Nickel Creek drops 'Celebrants'; 'Shocking' Ciudad Juárez fire video
New security footage shows security guards walking away as migrants bang on a cell door during the deadly fire in Ciudad Juarez. Marisa Limón Garza of Las Americas Immigrant Advocacy Center talks about conditions for migrants in the city. And, after massive protests in Israel over a push by Israeli Prime Minister Benjamin Netanyahu to remake the judiciary, he is temporarily holding off on the plan. Protester Yochai Gross talks about what comes next. Then, the trio Nickel Creek is back with a new album, "Celebrants." Chris Thile and Sara and Sean Watkins join us.
A history of anthems that empower women; Deadly fire at Juárez immigration center
After a shooter opened fire at a Nashville elementary school on Monday, authorities are still searching for a motive. The attack took place at the Covenant School and left three adults, three children and the shooter dead. Alexis Marshall of WPLN joins us. And, a fire broke out in an immigration center in Ciudad Juárez killing 39 migrants and injuring 29 others. Angela Kocherga, KTEP's news director, joins us to give more information. Then, to close out Women's History Month, we're rounding up some anthems of women empowerment through the years. There are the obvious ones like Gloria Gaynor's "I Will Survive" and Aretha Franklin's "Respect," but we look at where inspiration for those came from and the songs that have come out since. NPR music critic Ann Powers joins us.
Josh Groban takes on the bloody role of 'Sweeney Todd'; Trump's possible indictment
At least 26 people were killed after a tornado cut through central Mississippi over the weekend. We check in with Royce Steed, Humphrey County's emergency management director. And, what does Trump's possible indictment and rhetoric mean for democracy? Expert Rachel Kleinfeld of the Carnegie Endowment for International Peace weighs in. Then, Josh Groban is starring in the titular role of Broadway's larger-than-life new "Sweeney Todd." Directed by Thomas Kail, the show also includes a heavy dose of humor and physical comedy, much of it in the able hands of co-star Annaleigh Ashford who enraptures the audience as Mrs. Lovett. They join us.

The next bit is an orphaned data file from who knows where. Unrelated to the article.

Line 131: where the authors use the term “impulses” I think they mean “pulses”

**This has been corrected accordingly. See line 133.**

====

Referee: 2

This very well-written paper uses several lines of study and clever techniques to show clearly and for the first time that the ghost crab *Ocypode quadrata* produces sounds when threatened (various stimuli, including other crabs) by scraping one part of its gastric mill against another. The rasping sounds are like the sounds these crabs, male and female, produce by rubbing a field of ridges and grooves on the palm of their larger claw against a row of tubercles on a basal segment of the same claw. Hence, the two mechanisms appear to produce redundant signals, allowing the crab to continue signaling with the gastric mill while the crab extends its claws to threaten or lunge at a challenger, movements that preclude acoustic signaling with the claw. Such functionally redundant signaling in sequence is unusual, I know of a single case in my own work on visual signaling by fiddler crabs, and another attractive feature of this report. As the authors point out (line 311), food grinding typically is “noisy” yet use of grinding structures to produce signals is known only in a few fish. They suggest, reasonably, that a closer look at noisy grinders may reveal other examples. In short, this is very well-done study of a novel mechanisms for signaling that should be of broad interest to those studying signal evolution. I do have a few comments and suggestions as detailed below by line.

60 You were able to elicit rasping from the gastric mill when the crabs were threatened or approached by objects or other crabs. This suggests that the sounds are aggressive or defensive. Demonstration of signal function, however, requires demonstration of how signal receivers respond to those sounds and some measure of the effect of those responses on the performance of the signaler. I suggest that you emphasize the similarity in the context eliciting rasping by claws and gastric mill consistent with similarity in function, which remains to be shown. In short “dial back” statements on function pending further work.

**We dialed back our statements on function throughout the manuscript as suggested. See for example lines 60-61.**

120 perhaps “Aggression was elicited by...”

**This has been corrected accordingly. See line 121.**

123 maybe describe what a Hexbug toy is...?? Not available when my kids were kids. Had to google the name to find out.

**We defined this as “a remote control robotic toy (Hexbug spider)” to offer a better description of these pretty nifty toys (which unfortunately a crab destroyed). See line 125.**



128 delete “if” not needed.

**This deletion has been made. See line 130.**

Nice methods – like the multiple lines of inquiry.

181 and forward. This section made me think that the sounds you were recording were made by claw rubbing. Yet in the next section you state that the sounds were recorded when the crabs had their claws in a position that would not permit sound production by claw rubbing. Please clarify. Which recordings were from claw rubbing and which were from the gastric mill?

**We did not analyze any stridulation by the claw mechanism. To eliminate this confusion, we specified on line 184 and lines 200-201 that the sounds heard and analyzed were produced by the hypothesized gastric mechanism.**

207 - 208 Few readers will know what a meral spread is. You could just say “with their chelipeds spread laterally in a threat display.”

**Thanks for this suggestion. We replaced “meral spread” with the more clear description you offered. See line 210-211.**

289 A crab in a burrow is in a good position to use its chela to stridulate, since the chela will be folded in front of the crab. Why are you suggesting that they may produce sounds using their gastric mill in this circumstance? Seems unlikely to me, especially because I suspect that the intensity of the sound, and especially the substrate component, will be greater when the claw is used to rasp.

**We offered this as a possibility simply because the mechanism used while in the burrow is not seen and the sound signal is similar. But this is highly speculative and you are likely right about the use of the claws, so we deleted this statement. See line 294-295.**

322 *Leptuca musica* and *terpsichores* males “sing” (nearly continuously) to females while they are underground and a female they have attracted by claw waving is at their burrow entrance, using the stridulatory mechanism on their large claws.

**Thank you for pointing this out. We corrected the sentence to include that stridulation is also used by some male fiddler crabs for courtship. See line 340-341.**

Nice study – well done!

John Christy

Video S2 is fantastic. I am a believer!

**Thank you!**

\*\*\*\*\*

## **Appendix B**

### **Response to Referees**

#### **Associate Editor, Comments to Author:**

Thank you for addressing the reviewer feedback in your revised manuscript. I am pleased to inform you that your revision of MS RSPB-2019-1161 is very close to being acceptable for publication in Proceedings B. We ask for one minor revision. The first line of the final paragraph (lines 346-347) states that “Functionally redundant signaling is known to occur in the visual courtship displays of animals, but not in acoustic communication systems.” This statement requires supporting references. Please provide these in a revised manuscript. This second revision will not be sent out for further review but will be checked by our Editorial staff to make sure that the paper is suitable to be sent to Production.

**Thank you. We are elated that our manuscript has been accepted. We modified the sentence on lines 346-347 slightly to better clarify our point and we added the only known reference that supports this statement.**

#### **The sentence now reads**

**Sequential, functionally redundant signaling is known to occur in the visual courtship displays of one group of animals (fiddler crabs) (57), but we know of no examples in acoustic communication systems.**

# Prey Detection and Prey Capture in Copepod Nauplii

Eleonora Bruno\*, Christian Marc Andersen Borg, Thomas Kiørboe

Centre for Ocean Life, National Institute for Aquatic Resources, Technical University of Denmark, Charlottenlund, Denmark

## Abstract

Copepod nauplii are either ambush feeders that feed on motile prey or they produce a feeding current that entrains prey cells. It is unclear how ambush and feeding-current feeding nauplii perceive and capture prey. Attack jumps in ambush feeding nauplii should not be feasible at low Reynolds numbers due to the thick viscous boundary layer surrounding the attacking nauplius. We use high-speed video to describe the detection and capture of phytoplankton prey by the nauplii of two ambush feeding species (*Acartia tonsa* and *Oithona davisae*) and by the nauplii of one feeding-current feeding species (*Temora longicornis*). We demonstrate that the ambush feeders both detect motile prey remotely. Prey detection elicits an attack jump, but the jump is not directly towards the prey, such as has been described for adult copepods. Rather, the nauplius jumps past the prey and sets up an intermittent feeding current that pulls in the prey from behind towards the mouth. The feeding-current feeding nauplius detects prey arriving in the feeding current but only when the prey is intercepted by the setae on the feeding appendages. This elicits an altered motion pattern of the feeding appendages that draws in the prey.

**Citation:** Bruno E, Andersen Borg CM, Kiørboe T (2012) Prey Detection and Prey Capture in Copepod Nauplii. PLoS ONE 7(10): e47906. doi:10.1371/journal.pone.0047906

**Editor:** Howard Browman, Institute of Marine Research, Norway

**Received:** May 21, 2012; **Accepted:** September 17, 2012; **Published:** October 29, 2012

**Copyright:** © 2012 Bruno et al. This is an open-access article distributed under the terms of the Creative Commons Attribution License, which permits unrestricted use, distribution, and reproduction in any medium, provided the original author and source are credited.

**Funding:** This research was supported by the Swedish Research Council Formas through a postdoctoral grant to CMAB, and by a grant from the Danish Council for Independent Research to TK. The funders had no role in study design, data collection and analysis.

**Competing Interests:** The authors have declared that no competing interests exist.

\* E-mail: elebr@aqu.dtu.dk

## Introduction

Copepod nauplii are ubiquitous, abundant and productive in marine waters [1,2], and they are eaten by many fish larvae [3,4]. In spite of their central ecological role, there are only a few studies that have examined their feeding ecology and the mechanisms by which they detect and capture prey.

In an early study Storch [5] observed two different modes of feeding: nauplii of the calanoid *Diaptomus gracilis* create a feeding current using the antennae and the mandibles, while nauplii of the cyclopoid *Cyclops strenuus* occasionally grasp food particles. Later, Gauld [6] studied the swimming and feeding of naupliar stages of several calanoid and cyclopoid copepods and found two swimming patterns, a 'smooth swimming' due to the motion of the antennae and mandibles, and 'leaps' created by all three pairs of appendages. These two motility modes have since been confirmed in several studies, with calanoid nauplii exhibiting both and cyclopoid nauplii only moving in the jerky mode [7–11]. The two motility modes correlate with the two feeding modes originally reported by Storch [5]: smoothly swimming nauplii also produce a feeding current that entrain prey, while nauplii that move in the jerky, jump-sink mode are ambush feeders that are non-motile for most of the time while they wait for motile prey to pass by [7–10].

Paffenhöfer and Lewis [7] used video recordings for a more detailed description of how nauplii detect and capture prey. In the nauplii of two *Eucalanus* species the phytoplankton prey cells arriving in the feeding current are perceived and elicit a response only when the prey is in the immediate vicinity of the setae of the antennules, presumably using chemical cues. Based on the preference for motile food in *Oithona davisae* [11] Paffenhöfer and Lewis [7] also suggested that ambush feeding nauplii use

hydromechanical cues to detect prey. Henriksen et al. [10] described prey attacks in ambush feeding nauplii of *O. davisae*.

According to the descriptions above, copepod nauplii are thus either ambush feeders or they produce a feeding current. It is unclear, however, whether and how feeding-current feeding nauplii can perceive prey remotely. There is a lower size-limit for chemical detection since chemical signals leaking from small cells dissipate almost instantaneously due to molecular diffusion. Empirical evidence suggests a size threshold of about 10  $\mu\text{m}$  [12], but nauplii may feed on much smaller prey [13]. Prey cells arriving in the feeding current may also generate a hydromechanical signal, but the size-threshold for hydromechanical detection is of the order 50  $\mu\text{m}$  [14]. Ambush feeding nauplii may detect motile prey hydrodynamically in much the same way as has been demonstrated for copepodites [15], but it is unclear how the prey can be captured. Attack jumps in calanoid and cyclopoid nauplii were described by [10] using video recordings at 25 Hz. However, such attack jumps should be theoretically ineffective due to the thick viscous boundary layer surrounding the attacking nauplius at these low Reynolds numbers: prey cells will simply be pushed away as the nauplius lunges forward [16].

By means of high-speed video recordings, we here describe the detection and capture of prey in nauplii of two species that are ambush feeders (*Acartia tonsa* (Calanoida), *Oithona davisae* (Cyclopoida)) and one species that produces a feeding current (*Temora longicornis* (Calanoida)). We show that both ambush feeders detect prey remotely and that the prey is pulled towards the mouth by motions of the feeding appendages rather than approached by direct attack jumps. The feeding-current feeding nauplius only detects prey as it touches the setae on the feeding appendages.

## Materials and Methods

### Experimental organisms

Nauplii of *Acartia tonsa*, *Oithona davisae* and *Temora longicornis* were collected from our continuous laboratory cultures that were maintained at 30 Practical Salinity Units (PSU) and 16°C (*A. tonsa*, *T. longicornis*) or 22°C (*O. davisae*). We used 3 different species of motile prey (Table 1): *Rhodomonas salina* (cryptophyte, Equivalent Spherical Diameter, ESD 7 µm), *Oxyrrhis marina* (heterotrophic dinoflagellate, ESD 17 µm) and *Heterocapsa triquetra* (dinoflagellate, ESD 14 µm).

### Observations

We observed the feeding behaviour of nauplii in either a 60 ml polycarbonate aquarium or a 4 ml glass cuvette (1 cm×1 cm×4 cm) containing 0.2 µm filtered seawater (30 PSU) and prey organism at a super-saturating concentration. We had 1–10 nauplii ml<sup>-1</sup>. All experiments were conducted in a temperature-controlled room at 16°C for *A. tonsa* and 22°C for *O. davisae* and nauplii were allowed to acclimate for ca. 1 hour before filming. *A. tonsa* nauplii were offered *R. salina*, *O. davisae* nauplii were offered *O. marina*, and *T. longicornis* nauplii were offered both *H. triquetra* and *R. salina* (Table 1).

Two sons, lost: How a 1986 summer camp murder devastated two families
In 1986, 16-year-olds Jacob Wideman and Eric Kane were rooming together on a summer camp trip to the Grand Canyon when Jacob fatally — and inexplicably — stabbed Eric. Before long, Jacob turned himself in and eventually confessed to the killing. But he couldn't explain what drove him to do it. This debut episode of Violation, a podcast from The Marshall Project and WBUR, introduces the story of the crime that has bound two families together for decades. Subscribe to Here & Now Anytime for new episodes each Friday. Find a transcript and photos here.
Oregon students with disabilities face barriers to school; 'My Powerful Hair' book
A new law in Utah has been designed to limit the time children and teenagers spend on social media. It requires those under 18 years old to get parental consent before signing up for sites like Instagram or TikTok and sets time constraints for when minors can use the apps. New York Times technology reporter Natasha Singer joins us. Then, in Oregon, some students with disabilities face an uphill battle to attend school. Schools claim they don't have adequate staffing to support students. Democratic state senator Sara Gelser Blouin has a bill to address the issue. She joins us with Elizabeth Miller, an education reporter at Oregon Public Broadcasting. And, the children's picture book "My Powerful Hair" tells the story of an Indigenous girl who reclaims her heritage by growing her hair long, something older generations were not allowed to do. Author Carole Lindstrom and illustrator Steph Littlebird join us.